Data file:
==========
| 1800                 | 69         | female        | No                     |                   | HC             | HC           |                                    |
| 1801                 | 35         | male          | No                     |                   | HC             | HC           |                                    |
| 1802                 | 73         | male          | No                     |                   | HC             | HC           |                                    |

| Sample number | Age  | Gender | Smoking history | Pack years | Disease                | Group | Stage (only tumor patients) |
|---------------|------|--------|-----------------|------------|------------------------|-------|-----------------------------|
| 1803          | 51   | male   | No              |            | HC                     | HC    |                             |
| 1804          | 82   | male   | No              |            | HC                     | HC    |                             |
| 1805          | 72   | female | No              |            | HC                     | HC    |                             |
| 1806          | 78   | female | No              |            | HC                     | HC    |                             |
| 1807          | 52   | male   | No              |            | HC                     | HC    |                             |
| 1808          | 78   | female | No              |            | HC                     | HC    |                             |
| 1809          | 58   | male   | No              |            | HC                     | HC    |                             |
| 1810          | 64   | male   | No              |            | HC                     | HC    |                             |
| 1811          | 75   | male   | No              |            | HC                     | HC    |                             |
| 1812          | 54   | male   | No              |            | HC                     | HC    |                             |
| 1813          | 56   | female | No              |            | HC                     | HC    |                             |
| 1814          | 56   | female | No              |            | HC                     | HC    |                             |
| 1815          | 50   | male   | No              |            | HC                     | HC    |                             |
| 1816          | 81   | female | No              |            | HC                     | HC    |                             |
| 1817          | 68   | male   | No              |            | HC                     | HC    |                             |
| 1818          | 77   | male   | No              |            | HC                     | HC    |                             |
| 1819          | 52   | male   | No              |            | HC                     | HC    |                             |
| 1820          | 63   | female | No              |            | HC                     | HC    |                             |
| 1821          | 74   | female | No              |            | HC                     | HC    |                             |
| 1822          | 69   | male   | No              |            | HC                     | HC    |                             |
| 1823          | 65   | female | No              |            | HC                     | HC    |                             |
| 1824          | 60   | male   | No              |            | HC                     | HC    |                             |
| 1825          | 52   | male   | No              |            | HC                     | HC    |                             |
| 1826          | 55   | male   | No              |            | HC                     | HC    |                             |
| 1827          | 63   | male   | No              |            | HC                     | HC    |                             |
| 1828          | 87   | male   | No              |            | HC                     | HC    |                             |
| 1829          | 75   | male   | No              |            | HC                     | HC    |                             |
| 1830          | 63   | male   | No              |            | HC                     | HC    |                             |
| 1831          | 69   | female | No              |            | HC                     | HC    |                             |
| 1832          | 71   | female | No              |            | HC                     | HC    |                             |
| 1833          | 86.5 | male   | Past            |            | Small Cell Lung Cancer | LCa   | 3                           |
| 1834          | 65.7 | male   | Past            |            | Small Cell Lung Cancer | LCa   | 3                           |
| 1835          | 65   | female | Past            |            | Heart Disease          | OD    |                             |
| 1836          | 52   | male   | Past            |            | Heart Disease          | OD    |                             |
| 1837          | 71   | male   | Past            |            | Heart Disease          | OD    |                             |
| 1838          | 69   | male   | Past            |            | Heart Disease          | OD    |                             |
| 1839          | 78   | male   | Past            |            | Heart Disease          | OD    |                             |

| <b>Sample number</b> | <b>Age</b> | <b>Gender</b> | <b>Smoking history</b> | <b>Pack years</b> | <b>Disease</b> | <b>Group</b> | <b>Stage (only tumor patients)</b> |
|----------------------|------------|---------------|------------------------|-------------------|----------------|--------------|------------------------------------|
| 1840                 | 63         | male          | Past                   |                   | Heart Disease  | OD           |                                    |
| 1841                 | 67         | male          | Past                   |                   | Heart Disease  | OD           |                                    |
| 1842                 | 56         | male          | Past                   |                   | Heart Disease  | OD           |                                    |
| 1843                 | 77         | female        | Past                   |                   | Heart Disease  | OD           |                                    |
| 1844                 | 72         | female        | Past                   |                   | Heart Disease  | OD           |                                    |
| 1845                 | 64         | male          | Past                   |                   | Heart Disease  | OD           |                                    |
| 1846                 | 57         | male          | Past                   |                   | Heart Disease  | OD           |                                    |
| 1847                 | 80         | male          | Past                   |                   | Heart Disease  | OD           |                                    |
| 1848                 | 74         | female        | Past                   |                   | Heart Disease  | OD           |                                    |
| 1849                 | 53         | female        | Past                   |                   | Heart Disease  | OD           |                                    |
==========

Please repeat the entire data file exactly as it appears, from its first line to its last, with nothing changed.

| 1800                 | 69         | female        | No                     |                   | HC             | HC           |                                    |
| 1801                 | 35         | male          | No                     |                   | HC             | HC           |                                    |
| 1802                 | 73         | male          | No                     |                   | HC             | HC           |                                    |

| Sample number | Age  | Gender | Smoking history | Pack years | Disease                | Group | Stage (only tumor patients) |
|---------------|------|--------|-----------------|------------|------------------------|-------|-----------------------------|
| 1803          | 51   | male   | No              |            | HC                     | HC    |                             |
| 1804          | 82   | male   | No              |            | HC                     | HC    |                             |
| 1805          | 72   | female | No              |            | HC                     | HC    |                             |
| 1806          | 78   | female | No              |            | HC                     | HC    |                             |
| 1807          | 52   | male   | No              |            | HC                     | HC    |                             |
| 1808          | 78   | female | No              |            | HC                     | HC    |                             |
| 1809          | 58   | male   | No              |            | HC                     | HC    |                             |
| 1810          | 64   | male   | No              |            | HC                     | HC    |                             |
| 1811          | 75   | male   | No              |            | HC                     | HC    |                             |
| 1812          | 54   | male   | No              |            | HC                     | HC    |                             |
| 1813          | 56   | female | No              |            | HC                     | HC    |                             |
| 1814          | 56   | female | No              |            | HC                     | HC    |                             |
| 1815          | 50   | male   | No              |            | HC                     | HC    |                             |
| 1816          | 81   | female | No              |            | HC                     | HC    |                             |
| 1817          | 68   | male   | No              |            | HC                     | HC    |                             |
| 1818          | 77   | male   | No              |            | HC                     | HC    |                             |
| 1819          | 52   | male   | No              |            | HC                     | HC    |                             |
| 1820          | 63   | female | No              |            | HC                     | HC    |                             |
| 1821          | 74   | female | No              |            | HC                     | HC    |                             |
| 1822          | 69   | male   | No              |            | HC                     | HC    |                             |
| 1823          | 65   | female | No              |            | HC                     | HC    |                             |
| 1824          | 60   | male   | No              |            | HC                     | HC    |                             |
| 1825          | 52   | male   | No              |            | HC                     | HC    |                             |
| 1826          | 55   | male   | No              |            | HC                     | HC    |                             |
| 1827          | 63   | male   | No              |            | HC                     | HC    |                             |
| 1828          | 87   | male   | No              |            | HC                     | HC    |                             |
| 1829          | 75   | male   | No              |            | HC                     | HC    |                             |
| 1830          | 63   | male   | No              |            | HC                     | HC    |                             |
| 1831          | 69   | female | No              |            | HC                     | HC    |                             |
| 1832          | 71   | female | No              |            | HC                     | HC    |                             |
| 1833          | 86.5 | male   | Past            |            | Small Cell Lung Cancer | LCa   | 3                           |
| 1834          | 65.7 | male   | Past            |            | Small Cell Lung Cancer | LCa   | 3                           |
| 1835          | 65   | female | Past            |            | Heart Disease          | OD    |                             |
| 1836          | 52   | male   | Past            |            | Heart Disease          | OD    |                             |
| 1837          | 71   | male   | Past            |            | Heart Disease          | OD    |                             |
| 1838          | 69   | male   | Past            |            | Heart Disease          | OD    |                             |
| 1839          | 78   | male   | Past            |            | Heart Disease          | OD    |                             |

| <b>Sample number</b> | <b>Age</b> | <b>Gender</b> | <b>Smoking history</b> | <b>Pack years</b> | <b>Disease</b> | <b>Group</b> | <b>Stage (only tumor patients)</b> |
|----------------------|------------|---------------|------------------------|-------------------|----------------|--------------|------------------------------------|
| 1840                 | 63         | male          | Past                   |                   | Heart Disease  | OD           |                                    |
| 1841                 | 67         | male          | Past                   |                   | Heart Disease  | OD           |                                    |
| 1842                 | 56         | male          | Past                   |                   | Heart Disease  | OD           |                                    |
| 1843                 | 77         | female        | Past                   |                   | Heart Disease  | OD           |                                    |
| 1844                 | 72         | female        | Past                   |                   | Heart Disease  | OD           |                                    |
| 1845                 | 64         | male          | Past                   |                   | Heart Disease  | OD           |                                    |
| 1846                 | 57         | male          | Past                   |                   | Heart Disease  | OD           |                                    |
| 1847                 | 80         | male          | Past                   |                   | Heart Disease  | OD           |                                    |
| 1848                 | 74         | female        | Past                   |                   | Heart Disease  | OD           |                                    |
| 1849                 | 53         | female        | Past                   |                   | Heart Disease  | OD           |                                    |